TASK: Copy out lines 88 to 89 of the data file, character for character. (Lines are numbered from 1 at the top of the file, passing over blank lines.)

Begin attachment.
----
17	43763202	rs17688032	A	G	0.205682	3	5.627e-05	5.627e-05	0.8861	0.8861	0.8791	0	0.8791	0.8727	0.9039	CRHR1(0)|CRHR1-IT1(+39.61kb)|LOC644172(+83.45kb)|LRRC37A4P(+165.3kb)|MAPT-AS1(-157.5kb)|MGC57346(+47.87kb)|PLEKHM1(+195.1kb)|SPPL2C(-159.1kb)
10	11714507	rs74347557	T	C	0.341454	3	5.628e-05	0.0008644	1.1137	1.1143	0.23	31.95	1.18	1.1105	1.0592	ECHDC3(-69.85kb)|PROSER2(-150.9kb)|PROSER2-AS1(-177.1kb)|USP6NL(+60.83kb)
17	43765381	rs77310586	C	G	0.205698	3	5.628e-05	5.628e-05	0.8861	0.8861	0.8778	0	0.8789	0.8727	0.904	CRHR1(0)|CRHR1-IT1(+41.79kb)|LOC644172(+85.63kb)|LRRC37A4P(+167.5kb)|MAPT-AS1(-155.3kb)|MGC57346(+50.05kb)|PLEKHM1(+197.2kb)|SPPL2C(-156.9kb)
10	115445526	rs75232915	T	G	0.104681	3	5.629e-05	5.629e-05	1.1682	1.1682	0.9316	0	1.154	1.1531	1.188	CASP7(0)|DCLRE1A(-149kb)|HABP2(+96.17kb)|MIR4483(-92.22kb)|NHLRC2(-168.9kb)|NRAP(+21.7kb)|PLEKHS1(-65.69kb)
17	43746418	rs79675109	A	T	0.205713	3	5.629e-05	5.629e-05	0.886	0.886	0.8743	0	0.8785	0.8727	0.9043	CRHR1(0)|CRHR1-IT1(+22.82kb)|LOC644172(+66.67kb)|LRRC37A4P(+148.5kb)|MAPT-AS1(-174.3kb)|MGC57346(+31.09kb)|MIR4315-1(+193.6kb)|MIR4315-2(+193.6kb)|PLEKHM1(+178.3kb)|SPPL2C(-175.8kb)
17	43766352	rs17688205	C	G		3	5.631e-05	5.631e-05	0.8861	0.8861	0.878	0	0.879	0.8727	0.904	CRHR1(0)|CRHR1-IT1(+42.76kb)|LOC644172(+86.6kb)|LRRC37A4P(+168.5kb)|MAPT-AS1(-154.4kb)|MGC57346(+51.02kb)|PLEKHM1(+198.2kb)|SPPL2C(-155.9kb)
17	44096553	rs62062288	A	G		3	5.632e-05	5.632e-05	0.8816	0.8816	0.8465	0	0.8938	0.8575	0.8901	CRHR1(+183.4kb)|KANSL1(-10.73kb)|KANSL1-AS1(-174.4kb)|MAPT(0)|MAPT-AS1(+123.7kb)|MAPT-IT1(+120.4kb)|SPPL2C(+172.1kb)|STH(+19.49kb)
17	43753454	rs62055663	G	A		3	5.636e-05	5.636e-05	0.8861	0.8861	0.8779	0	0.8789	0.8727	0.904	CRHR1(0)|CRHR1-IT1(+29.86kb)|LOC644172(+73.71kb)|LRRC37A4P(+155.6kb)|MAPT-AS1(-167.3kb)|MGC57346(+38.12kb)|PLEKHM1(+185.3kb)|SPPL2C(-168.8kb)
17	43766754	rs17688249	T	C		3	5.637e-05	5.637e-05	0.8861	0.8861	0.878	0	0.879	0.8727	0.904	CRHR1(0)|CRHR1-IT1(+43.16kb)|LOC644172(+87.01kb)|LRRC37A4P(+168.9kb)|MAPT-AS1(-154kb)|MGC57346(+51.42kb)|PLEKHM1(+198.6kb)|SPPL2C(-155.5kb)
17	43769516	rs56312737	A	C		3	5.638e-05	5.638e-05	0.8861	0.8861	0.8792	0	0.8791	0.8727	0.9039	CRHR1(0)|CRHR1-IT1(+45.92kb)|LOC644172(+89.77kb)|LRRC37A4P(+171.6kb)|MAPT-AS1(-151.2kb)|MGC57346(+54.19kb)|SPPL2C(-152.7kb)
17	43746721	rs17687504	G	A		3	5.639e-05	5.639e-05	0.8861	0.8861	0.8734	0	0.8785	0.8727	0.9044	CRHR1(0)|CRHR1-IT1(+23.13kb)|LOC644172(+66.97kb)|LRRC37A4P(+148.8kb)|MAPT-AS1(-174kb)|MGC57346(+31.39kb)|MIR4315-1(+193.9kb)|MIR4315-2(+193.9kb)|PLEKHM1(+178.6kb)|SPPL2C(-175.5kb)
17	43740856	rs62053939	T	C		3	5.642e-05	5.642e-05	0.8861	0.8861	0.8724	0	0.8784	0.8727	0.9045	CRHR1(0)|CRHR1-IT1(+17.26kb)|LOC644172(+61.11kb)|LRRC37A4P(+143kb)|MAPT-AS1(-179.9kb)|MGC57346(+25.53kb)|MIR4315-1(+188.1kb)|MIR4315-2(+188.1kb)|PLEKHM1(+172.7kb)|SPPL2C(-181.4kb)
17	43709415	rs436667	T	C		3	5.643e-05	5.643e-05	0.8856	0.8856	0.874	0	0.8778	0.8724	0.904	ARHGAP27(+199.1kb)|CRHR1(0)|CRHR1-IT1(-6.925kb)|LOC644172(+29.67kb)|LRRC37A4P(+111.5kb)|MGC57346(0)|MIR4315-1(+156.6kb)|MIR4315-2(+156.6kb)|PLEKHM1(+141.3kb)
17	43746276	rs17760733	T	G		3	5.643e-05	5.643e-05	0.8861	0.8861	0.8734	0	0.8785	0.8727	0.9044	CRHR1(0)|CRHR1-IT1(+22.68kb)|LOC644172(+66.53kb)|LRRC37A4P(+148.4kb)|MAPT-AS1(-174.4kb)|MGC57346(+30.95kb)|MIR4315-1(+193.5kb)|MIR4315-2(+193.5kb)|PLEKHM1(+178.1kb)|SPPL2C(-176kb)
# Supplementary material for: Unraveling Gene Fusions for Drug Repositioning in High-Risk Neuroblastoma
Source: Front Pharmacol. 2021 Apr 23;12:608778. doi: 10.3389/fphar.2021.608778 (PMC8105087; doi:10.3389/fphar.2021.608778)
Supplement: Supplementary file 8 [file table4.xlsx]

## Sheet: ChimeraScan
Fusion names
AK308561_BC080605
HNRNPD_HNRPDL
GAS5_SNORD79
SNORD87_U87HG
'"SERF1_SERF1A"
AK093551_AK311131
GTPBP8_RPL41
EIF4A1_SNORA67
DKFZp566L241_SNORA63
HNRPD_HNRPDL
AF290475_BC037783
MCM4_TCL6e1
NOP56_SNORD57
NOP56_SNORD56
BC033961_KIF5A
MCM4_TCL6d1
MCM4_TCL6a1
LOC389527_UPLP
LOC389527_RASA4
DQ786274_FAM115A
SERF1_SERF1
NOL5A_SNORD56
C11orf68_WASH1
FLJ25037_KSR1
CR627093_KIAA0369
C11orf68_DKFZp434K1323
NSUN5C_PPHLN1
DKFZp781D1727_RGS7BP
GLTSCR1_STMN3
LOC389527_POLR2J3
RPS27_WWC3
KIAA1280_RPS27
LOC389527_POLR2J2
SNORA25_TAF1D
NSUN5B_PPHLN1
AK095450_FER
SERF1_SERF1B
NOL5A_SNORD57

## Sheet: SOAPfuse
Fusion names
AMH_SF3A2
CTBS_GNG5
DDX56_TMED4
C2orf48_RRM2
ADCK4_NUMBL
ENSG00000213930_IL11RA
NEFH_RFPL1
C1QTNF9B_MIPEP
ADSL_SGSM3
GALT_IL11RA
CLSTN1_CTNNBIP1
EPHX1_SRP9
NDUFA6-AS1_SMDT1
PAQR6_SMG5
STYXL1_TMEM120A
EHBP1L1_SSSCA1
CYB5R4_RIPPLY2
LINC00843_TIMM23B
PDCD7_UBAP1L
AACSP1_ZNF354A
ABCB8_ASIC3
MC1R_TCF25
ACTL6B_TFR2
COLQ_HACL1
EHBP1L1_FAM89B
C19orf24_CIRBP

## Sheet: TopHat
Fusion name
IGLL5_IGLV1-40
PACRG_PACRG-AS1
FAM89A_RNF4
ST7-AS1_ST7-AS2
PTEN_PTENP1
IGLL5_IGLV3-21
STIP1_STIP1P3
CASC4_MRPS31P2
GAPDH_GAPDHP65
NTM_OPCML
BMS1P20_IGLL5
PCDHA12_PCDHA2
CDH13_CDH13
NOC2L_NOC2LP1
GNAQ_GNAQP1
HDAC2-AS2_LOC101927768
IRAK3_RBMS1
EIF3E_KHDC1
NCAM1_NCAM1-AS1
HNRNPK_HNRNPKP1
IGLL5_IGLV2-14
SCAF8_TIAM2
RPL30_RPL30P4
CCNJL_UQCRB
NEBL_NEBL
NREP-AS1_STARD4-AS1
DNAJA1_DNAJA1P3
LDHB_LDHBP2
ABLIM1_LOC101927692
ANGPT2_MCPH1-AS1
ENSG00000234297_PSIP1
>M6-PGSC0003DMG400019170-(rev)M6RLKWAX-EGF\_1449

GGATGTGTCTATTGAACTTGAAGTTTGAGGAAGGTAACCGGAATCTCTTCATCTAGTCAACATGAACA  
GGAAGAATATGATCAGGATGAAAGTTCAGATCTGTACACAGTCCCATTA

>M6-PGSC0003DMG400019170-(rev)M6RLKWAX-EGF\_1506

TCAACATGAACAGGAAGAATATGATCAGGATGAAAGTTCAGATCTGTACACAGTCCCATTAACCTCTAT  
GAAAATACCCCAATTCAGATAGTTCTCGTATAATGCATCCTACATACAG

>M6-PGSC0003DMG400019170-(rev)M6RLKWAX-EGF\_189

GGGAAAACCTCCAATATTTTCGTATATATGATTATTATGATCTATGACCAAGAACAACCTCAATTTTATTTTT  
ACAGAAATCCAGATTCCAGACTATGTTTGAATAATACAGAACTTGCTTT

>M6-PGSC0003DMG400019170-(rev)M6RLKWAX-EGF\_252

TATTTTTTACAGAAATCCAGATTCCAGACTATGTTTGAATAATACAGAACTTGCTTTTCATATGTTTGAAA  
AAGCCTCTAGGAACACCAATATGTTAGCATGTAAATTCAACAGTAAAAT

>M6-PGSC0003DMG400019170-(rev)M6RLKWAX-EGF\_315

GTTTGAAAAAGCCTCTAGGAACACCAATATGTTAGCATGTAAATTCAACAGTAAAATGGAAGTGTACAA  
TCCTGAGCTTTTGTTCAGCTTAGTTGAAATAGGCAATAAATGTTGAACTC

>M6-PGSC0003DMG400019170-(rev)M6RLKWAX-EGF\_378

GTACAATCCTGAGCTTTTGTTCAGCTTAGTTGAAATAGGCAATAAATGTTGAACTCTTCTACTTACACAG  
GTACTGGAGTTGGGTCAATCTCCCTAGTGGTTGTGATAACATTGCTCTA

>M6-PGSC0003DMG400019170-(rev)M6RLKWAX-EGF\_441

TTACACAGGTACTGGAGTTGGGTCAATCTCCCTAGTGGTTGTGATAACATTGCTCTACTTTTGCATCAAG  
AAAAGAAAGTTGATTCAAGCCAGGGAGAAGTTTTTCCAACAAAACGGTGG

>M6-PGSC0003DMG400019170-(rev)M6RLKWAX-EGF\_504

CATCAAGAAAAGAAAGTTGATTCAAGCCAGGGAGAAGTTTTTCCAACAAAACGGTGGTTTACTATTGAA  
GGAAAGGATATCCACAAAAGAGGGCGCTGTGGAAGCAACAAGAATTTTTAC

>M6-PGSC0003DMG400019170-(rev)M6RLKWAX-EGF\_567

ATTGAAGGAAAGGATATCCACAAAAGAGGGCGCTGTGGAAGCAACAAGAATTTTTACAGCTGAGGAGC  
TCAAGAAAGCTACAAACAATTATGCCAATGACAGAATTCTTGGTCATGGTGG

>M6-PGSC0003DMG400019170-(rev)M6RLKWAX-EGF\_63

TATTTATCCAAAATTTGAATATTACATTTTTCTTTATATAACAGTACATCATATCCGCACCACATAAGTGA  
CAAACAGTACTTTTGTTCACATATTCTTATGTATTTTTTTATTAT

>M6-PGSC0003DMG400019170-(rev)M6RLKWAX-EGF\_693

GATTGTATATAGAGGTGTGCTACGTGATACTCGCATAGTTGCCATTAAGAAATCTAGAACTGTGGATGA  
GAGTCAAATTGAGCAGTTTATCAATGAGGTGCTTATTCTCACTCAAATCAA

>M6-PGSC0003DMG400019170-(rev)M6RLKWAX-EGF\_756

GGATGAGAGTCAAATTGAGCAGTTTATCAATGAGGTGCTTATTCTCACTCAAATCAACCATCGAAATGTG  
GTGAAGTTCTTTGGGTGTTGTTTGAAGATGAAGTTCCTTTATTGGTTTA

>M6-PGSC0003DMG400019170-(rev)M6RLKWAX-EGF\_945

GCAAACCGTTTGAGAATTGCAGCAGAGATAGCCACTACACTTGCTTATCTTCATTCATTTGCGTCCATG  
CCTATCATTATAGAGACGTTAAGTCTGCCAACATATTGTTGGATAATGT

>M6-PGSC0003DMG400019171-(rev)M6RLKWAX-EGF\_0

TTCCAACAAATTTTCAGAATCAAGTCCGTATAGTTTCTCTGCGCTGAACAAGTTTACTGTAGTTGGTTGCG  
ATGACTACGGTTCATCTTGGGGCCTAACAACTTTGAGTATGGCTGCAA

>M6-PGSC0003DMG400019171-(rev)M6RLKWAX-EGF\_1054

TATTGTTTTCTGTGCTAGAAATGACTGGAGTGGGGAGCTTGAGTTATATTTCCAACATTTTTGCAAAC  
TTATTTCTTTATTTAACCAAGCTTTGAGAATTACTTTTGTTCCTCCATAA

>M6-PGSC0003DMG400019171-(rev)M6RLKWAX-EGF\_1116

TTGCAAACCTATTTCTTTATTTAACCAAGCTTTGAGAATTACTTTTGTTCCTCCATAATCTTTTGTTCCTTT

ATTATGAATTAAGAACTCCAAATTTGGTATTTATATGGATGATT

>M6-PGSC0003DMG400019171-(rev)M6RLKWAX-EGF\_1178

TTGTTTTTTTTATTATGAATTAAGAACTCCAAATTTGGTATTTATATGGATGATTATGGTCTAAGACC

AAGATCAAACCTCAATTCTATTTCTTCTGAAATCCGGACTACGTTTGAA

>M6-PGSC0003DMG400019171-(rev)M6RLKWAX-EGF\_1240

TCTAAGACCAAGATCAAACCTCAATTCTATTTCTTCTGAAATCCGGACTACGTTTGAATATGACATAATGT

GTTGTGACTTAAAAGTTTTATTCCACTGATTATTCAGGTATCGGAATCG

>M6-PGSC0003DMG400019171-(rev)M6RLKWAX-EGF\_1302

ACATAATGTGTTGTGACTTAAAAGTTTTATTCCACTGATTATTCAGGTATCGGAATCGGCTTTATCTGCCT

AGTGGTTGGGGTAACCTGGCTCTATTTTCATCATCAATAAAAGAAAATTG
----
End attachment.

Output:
IGLL5_IGLV1-40
PACRG_PACRG-AS1